Drinking Water in NYC

Source of New York City’s Drinking Water
New York City’s water supply system services more than 1 billion gallons of fresh water daily to 9 million customers throughout the five boroughs and upstate. New York City consists of 19 reservoirs, 3 controlled lakes, and over than 6,000 miles of pipes, aqueducts, and tunnels. Due to the City’s ongoing efforts to maintain the appropriate volume and high quality of water in the distribution system, there is some rotation in the water sources used by DEP. In 2008, 98.3% of our water came from the Catskill/Delaware System, located in Delaware, Greene, Schoharie, Sullivan, and Ulster counties, west of the Hudson River. The Croton System, the City’s original upstate supply, provided, on average, 1.6% of the daily supply to the City from 12 reservoir basins in Putnam, Westchester, and Dutchess counties. New York City’s Groundwater System in southeastern Queens was off-line for the entire 2008 calendar year.

Another way to recycle water is through Desalination. Desalination refers to any of several processes that remove excess salt and other minerals from water. More generally, desalination may also refer to the removal of salts and minerals. In the context of New York City, it may provide a way New Yorkers to have access to fresh drinking water without relying on other sources. Daylighting buried streams may also increase access to fresh water.

Map of New York's Water Supply

Regulation of Drinking Water
As water travels over the surface of the land or through the ground, it dissolves naturally-occurring minerals and, sometimes, radioactive material and can pick up substances resulting from the presence of animals or from human activities. In order to ensure that tap water is safe to drink, the New York State Department of Health (NYSDOH) and EPA prescribe regulations that limit the amount of certain contaminants in water provided by public water systems. The State Health Department’s and the federal Food and Drug Administration’s (FDA) regulations establish limits for contaminants in bottled water which must provide the same protection for public health.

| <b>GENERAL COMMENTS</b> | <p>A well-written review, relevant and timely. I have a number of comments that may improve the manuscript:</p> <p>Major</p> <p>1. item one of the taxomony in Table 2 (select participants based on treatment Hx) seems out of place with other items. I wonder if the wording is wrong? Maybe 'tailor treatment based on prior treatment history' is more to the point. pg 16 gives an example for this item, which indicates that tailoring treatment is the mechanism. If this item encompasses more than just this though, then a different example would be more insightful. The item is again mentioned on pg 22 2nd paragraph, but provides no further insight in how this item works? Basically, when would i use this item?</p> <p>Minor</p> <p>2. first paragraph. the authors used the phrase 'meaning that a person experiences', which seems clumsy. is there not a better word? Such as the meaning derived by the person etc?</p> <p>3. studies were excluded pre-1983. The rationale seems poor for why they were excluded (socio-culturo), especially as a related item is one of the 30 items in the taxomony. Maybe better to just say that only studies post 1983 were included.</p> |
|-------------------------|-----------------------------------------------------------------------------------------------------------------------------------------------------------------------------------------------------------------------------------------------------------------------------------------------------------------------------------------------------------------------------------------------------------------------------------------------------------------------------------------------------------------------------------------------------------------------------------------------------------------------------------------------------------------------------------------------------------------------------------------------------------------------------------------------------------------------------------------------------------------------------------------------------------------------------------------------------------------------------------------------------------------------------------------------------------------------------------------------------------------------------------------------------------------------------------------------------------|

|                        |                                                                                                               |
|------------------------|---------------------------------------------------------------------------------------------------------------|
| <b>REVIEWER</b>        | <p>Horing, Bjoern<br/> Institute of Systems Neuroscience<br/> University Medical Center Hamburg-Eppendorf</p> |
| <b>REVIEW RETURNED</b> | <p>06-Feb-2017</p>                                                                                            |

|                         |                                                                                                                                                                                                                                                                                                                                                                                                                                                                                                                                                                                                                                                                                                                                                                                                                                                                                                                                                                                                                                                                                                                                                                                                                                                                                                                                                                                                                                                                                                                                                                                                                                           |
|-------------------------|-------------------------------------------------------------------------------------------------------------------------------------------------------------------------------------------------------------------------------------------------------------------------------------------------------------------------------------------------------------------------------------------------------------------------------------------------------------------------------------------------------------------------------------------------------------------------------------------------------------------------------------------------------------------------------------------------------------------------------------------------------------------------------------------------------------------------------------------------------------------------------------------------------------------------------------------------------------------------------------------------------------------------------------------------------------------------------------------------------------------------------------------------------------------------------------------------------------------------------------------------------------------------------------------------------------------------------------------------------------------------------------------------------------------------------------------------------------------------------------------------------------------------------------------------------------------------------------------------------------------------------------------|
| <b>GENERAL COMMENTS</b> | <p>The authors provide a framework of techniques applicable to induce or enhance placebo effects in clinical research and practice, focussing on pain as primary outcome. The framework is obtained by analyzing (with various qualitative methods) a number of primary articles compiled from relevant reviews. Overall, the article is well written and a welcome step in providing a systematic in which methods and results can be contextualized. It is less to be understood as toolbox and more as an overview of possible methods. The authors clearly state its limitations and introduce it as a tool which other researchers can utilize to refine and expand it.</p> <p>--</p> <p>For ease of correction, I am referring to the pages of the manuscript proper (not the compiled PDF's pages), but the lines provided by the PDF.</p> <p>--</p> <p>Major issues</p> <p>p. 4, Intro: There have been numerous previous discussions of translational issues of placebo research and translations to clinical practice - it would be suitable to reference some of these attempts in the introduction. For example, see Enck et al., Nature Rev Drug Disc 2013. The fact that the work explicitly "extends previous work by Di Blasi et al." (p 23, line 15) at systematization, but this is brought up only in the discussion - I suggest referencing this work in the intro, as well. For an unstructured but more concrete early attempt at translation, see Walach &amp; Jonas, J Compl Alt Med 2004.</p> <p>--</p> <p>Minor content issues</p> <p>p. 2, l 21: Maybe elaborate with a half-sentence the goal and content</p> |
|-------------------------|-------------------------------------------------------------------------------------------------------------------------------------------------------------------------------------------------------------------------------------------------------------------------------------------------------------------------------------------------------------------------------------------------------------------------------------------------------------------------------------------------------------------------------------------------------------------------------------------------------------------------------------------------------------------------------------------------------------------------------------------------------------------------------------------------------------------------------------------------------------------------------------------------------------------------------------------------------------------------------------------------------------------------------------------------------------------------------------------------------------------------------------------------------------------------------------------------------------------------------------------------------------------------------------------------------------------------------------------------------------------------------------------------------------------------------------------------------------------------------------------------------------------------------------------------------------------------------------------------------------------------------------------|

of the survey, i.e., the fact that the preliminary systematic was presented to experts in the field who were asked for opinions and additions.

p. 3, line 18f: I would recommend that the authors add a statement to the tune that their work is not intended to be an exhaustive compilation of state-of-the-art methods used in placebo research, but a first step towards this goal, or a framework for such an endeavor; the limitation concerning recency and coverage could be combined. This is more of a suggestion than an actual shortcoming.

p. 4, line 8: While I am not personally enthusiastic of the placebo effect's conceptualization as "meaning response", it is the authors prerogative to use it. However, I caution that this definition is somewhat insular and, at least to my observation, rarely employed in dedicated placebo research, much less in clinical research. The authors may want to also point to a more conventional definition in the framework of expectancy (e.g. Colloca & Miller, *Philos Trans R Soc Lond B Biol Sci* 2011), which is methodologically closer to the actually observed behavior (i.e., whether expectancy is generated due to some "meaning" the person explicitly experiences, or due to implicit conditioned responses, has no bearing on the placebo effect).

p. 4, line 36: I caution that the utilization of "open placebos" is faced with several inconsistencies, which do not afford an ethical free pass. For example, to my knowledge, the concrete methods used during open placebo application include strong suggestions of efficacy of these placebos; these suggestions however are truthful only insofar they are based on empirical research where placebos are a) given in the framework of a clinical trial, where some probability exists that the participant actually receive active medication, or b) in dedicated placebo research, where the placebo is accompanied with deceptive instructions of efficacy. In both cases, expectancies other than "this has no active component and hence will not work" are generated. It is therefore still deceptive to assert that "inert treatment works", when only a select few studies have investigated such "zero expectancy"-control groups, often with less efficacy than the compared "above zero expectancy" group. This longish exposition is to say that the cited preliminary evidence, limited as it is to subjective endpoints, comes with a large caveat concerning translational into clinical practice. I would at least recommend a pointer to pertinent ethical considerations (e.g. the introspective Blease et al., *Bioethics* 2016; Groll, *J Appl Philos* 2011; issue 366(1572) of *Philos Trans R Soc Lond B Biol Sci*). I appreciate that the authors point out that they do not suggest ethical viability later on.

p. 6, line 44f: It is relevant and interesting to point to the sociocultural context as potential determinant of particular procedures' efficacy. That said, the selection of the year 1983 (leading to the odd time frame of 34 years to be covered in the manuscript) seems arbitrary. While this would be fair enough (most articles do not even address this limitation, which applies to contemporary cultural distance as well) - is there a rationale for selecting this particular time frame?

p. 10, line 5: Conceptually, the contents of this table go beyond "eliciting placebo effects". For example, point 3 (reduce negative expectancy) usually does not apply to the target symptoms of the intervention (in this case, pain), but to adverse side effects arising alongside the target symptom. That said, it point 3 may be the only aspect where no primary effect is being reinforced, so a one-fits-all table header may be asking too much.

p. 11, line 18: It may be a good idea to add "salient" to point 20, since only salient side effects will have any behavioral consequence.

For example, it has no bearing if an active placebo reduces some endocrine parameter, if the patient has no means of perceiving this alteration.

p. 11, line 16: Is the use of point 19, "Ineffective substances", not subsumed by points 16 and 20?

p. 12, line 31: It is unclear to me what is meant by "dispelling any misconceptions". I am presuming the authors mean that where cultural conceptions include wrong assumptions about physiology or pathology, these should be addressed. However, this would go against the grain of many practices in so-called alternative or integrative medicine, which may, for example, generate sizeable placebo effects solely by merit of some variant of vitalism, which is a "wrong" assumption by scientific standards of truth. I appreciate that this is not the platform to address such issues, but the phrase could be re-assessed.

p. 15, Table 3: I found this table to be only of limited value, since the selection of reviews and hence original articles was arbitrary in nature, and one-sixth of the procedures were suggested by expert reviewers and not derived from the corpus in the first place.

Ensuring Safe Water
The Safe Drinking Water Act (SDWA) Amendments of 1996 required states to develop and implement Source Water Assessment Programs (SWAP) to: identify the areas that supply public tap water; inventory contaminants, and assess water system susceptibility to contamination; and inform the public of the results.

Starting in 1993, and culminating in 1997 with the historic watershed agreement and Filtration Avoidance Determination (FAD), New York City began implementation of a series of programs to reduce the susceptibility of the surface water supply to contamination from a variety of sources. These programs, which are still ongoing, operate under the close scrutiny of both the NYSDOH and the EPA. Due to these efforts, further detailed below, the SWAP methodologies applied to the rest of the state were not applied to the New York City water supply by NYSDOH.

Drinking Water Monitoring
DEP monitors the water in the distribution system, the upstate reservoirs and feeder streams, and the wells that are the sources for the City’s supply. Certain water quality parameters are monitored continuously as the water enters the distribution system, and water quality is regularly tested at sampling points throughout the entire City. DEP conducts analyses for a broad spectrum of microbiological, chemical, and physical measures of quality. DEP conducts most of its distribution water quality monitoring at approximately 1,000 fixed sampling stations throughout the City.

DEP is required to monitor drinking water for various parameters on a regular basis. Results of regular monitoring are an indicator of whether or not drinking water meets health standards. DEP collects samples at a frequency prescribed by the State. In 2008, DEP met all State and federal sampling requirements.

Lead in Drinking Water
New York City water is virtually lead-free when it is delivered from the City’s upstate reservoir system, but water can absorb lead from solder, fixtures, and pipes found in the plumbing of some buildings or homes. Under the federal Lead and Copper Rule (LCR), mandated at-the-tap lead monitoring is conducted at selected households located throughout the City. Based on the results of this monitoring, in 2008, the 90th percentile did not exceed 15 µg/L, the established standard or Action Level (AL) for lead. DEP offers a Free Residential Lead Testing Program which allows all New York City residents to have their tap water tested at no cost. The Free Residential Testing Program is the largest of its kind in the Nation: Over 75,000 sample collection kits have been distributed since the start of the program in 1992.

Table of Contents:


o CSO in NYC
Combined Sewer System
Eliminating CSO

o Drinking Water in NYC
Buried Streams

o Holland

o Water Around the World

o PLANYC Initiatives

Leave a Reply